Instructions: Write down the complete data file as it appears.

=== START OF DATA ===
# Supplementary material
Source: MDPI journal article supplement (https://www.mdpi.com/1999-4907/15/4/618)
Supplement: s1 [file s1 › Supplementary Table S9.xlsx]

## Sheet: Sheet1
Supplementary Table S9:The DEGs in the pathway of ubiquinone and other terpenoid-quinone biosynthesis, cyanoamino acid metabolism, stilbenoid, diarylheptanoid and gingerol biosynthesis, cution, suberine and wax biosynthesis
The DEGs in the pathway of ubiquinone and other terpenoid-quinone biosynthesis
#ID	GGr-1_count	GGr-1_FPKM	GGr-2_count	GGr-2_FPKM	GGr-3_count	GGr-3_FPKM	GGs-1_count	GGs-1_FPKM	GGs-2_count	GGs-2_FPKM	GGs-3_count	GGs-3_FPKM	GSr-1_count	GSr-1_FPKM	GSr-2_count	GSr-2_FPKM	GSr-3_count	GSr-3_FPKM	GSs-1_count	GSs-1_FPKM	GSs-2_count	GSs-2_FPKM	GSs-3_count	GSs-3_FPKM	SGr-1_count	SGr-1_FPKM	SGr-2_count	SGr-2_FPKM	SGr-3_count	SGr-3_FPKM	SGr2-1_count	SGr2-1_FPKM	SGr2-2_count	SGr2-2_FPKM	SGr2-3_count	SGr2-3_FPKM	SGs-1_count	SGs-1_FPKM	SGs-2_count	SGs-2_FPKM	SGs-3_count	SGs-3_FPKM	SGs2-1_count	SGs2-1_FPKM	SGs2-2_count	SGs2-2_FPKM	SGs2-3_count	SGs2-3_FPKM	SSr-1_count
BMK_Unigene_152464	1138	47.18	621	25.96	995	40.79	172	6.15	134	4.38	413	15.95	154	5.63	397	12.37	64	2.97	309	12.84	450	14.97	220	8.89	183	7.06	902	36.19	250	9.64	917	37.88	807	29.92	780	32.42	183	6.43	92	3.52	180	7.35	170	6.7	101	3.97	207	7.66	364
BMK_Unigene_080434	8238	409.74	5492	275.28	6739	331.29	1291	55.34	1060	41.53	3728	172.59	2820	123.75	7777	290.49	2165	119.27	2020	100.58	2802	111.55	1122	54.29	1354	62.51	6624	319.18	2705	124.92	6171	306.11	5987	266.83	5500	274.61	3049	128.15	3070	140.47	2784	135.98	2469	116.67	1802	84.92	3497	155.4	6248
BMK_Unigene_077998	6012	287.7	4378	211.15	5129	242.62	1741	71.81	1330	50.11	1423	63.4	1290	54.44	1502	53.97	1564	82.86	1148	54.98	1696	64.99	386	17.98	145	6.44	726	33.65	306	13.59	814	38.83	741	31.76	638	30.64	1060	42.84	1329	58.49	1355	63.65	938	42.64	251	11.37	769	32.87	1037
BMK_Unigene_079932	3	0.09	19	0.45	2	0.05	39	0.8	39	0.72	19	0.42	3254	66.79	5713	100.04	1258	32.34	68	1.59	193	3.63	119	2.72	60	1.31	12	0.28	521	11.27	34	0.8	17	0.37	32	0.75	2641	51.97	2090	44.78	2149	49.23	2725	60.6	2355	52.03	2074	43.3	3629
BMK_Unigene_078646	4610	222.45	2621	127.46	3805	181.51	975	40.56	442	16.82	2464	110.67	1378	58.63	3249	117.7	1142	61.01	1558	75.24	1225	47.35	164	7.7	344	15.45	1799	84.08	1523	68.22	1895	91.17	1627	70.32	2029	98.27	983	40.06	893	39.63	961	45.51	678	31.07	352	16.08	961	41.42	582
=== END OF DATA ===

# Supplementary material
Source: MDPI journal article supplement (https://www.mdpi.com/1999-4907/15/4/618)
Supplement: s1 [file s1 › Supplementary Table S9.xlsx]

## Sheet: Sheet1
Supplementary Table S9:The DEGs in the pathway of ubiquinone and other terpenoid-quinone biosynthesis, cyanoamino acid metabolism, stilbenoid, diarylheptanoid and gingerol biosynthesis, cution, suberine and wax biosynthesis
The DEGs in the pathway of ubiquinone and other terpenoid-quinone biosynthesis
#ID	GGr-1_count	GGr-1_FPKM	GGr-2_count	GGr-2_FPKM	GGr-3_count	GGr-3_FPKM	GGs-1_count	GGs-1_FPKM	GGs-2_count	GGs-2_FPKM	GGs-3_count	GGs-3_FPKM	GSr-1_count	GSr-1_FPKM	GSr-2_count	GSr-2_FPKM	GSr-3_count	GSr-3_FPKM	GSs-1_count	GSs-1_FPKM	GSs-2_count	GSs-2_FPKM	GSs-3_count	GSs-3_FPKM	SGr-1_count	SGr-1_FPKM	SGr-2_count	SGr-2_FPKM	SGr-3_count	SGr-3_FPKM	SGr2-1_count	SGr2-1_FPKM	SGr2-2_count	SGr2-2_FPKM	SGr2-3_count	SGr2-3_FPKM	SGs-1_count	SGs-1_FPKM	SGs-2_count	SGs-2_FPKM	SGs-3_count	SGs-3_FPKM	SGs2-1_count	SGs2-1_FPKM	SGs2-2_count	SGs2-2_FPKM	SGs2-3_count	SGs2-3_FPKM	SSr-1_count
BMK_Unigene_152464	1138	47.18	621	25.96	995	40.79	172	6.15	134	4.38	413	15.95	154	5.63	397	12.37	64	2.97	309	12.84	450	14.97	220	8.89	183	7.06	902	36.19	250	9.64	917	37.88	807	29.92	780	32.42	183	6.43	92	3.52	180	7.35	170	6.7	101	3.97	207	7.66	364
BMK_Unigene_080434	8238	409.74	5492	275.28	6739	331.29	1291	55.34	1060	41.53	3728	172.59	2820	123.75	7777	290.49	2165	119.27	2020	100.58	2802	111.55	1122	54.29	1354	62.51	6624	319.18	2705	124.92	6171	306.11	5987	266.83	5500	274.61	3049	128.15	3070	140.47	2784	135.98	2469	116.67	1802	84.92	3497	155.4	6248
BMK_Unigene_077998	6012	287.7	4378	211.15	5129	242.62	1741	71.81	1330	50.11	1423	63.4	1290	54.44	1502	53.97	1564	82.86	1148	54.98	1696	64.99	386	17.98	145	6.44	726	33.65	306	13.59	814	38.83	741	31.76	638	30.64	1060	42.84	1329	58.49	1355	63.65	938	42.64	251	11.37	769	32.87	1037
BMK_Unigene_079932	3	0.09	19	0.45	2	0.05	39	0.8	39	0.72	19	0.42	3254	66.79	5713	100.04	1258	32.34	68	1.59	193	3.63	119	2.72	60	1.31	12	0.28	521	11.27	34	0.8	17	0.37	32	0.75	2641	51.97	2090	44.78	2149	49.23	2725	60.6	2355	52.03	2074	43.3	3629
BMK_Unigene_078646	4610	222.45	2621	127.46	3805	181.51	975	40.56	442	16.82	2464	110.67	1378	58.63	3249	117.7	1142	61.01	1558	75.24	1225	47.35	164	7.7	344	15.45	1799	84.08	1523	68.22	1895	91.17	1627	70.32	2029	98.27	983	40.06	893	39.63	961	45.51	678	31.07	352	16.08	961	41.42	582